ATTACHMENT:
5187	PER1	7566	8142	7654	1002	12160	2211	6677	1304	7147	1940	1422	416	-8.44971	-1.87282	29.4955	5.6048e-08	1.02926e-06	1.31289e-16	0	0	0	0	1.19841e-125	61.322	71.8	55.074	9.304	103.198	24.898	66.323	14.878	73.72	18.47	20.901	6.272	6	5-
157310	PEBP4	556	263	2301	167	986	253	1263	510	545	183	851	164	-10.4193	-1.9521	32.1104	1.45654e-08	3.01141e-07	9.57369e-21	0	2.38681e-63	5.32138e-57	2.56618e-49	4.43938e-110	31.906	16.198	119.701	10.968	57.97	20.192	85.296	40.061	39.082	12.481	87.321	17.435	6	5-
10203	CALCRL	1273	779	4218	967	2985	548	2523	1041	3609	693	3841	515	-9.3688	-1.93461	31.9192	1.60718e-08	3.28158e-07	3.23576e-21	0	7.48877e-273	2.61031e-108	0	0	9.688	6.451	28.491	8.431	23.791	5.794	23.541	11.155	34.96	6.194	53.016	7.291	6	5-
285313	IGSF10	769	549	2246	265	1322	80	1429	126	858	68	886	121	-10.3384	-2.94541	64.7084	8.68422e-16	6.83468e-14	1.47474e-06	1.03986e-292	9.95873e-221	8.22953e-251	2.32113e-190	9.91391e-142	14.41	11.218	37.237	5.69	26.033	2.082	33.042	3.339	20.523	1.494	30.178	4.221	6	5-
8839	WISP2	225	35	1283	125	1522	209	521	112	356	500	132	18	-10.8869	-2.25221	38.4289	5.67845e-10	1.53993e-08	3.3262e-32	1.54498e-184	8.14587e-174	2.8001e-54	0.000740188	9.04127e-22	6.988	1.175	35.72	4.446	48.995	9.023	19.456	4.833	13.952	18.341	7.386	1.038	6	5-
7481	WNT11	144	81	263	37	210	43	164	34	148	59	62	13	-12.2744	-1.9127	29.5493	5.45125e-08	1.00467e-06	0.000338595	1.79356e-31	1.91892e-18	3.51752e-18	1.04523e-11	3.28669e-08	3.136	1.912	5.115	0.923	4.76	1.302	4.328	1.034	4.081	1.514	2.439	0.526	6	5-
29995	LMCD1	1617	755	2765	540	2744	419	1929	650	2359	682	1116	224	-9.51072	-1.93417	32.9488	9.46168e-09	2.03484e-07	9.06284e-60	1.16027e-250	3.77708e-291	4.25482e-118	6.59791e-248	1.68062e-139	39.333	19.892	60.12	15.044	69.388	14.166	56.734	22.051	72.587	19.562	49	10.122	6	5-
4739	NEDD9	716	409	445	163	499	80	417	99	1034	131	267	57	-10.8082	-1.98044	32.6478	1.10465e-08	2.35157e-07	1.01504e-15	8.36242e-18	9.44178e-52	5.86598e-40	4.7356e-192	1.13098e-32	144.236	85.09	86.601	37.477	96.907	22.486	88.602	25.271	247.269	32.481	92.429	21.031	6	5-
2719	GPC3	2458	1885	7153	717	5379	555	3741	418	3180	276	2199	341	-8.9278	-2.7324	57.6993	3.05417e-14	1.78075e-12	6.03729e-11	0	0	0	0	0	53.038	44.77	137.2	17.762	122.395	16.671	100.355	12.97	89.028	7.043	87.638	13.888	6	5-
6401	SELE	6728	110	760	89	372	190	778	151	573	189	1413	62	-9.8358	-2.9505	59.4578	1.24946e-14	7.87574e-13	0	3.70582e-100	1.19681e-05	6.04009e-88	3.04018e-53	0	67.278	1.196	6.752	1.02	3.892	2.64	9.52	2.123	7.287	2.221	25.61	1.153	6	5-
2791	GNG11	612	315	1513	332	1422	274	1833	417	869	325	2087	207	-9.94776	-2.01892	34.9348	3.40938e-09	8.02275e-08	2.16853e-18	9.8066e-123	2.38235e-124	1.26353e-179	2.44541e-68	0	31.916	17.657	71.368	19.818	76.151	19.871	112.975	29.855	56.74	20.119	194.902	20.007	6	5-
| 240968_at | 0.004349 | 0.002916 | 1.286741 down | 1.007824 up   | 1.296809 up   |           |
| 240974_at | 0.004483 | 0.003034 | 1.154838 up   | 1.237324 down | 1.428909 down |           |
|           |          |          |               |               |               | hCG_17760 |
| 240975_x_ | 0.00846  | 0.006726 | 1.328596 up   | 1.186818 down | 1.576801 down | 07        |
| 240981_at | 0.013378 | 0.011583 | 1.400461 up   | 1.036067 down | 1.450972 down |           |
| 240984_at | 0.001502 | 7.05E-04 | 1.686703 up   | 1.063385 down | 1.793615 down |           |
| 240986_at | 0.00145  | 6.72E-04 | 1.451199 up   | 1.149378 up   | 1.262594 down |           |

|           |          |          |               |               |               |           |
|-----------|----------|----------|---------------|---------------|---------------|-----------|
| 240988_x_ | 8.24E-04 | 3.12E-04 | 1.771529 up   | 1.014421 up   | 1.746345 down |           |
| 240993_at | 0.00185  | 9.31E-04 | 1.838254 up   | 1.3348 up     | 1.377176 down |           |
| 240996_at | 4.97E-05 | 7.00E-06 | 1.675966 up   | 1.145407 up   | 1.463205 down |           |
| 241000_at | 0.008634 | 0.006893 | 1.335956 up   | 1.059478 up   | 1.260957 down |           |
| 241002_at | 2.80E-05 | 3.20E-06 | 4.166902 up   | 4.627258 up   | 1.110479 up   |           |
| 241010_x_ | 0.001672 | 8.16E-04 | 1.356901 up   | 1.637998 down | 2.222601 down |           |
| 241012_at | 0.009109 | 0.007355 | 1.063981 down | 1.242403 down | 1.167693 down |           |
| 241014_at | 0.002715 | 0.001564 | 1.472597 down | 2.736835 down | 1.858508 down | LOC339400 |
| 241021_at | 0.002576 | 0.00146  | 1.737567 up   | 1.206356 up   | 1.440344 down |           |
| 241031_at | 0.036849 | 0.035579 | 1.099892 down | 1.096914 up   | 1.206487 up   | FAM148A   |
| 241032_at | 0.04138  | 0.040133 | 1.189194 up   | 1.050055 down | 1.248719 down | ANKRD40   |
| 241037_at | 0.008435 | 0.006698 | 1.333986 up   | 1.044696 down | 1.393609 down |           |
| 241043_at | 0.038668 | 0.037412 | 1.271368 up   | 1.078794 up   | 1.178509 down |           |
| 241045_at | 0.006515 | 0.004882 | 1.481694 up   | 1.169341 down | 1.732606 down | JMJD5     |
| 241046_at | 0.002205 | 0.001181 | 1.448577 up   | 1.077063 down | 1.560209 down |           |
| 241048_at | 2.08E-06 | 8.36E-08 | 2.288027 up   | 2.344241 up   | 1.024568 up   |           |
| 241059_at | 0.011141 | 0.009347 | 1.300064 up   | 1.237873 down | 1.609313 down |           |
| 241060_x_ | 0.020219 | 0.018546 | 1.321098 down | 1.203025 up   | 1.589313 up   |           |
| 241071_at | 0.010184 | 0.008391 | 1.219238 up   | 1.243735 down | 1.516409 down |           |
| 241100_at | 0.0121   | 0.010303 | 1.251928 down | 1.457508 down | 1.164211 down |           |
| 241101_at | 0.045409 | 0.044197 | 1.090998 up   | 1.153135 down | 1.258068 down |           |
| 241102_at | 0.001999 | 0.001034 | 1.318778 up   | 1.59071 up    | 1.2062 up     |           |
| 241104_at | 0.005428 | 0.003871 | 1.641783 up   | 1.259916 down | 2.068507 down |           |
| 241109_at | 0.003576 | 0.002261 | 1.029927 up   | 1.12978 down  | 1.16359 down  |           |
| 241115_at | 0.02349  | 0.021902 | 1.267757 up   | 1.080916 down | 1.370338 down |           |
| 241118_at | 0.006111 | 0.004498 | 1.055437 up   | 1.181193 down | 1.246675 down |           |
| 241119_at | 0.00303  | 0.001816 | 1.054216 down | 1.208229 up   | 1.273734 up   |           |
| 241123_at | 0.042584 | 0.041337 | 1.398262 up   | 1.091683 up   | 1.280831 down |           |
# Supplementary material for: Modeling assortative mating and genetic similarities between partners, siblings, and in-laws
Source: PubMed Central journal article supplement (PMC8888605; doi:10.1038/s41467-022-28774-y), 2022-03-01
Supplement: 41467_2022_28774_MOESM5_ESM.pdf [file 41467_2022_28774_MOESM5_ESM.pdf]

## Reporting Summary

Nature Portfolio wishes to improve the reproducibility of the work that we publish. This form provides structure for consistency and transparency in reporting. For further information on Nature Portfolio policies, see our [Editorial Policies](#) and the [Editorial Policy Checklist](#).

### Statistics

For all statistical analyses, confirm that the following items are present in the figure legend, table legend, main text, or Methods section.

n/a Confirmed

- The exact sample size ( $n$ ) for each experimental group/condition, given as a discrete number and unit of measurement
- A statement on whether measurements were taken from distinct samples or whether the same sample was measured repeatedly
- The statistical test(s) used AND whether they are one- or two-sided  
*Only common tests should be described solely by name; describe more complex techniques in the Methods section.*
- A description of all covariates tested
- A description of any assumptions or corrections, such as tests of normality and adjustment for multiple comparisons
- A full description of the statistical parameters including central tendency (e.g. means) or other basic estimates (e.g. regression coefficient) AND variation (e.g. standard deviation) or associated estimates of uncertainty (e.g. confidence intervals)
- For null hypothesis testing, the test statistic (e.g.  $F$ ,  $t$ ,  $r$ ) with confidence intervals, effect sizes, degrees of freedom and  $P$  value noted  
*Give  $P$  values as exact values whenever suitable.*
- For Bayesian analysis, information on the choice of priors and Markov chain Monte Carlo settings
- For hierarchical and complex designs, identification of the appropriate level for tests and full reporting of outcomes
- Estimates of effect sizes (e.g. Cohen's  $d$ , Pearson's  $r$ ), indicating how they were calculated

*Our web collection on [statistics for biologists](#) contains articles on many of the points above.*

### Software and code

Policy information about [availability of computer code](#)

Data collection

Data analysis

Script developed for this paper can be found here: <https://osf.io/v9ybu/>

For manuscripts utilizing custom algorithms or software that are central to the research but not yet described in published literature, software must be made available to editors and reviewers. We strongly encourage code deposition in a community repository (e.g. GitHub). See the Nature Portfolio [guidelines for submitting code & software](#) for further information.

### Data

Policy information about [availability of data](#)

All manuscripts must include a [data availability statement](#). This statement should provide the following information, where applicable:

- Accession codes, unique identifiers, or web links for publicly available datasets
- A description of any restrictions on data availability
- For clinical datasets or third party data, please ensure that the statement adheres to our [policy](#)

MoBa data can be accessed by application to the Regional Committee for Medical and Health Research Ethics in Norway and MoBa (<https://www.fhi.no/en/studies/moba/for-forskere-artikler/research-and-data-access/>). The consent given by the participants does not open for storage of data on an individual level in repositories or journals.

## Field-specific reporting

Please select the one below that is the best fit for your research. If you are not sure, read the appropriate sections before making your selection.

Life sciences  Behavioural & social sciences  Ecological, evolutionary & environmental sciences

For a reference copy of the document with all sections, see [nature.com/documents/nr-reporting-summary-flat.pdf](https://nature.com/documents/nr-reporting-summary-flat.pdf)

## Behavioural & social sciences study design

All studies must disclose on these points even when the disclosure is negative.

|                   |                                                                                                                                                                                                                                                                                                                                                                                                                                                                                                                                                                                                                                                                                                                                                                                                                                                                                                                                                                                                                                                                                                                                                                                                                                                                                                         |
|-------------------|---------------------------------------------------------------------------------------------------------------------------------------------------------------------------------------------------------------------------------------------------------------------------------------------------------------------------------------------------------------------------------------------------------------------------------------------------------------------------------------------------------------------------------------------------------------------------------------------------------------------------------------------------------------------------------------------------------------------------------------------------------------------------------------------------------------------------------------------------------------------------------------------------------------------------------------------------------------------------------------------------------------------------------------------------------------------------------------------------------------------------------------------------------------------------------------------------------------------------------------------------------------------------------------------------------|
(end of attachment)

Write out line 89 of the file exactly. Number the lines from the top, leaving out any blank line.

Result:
|                   |                                                                                                                                                                                                                                                                                                                                                                                                                                                                                                                                                                                                                                                                                                                                                                                                                                                                                                                                                                                                                                                                                                                                                                                                                                                                                                         |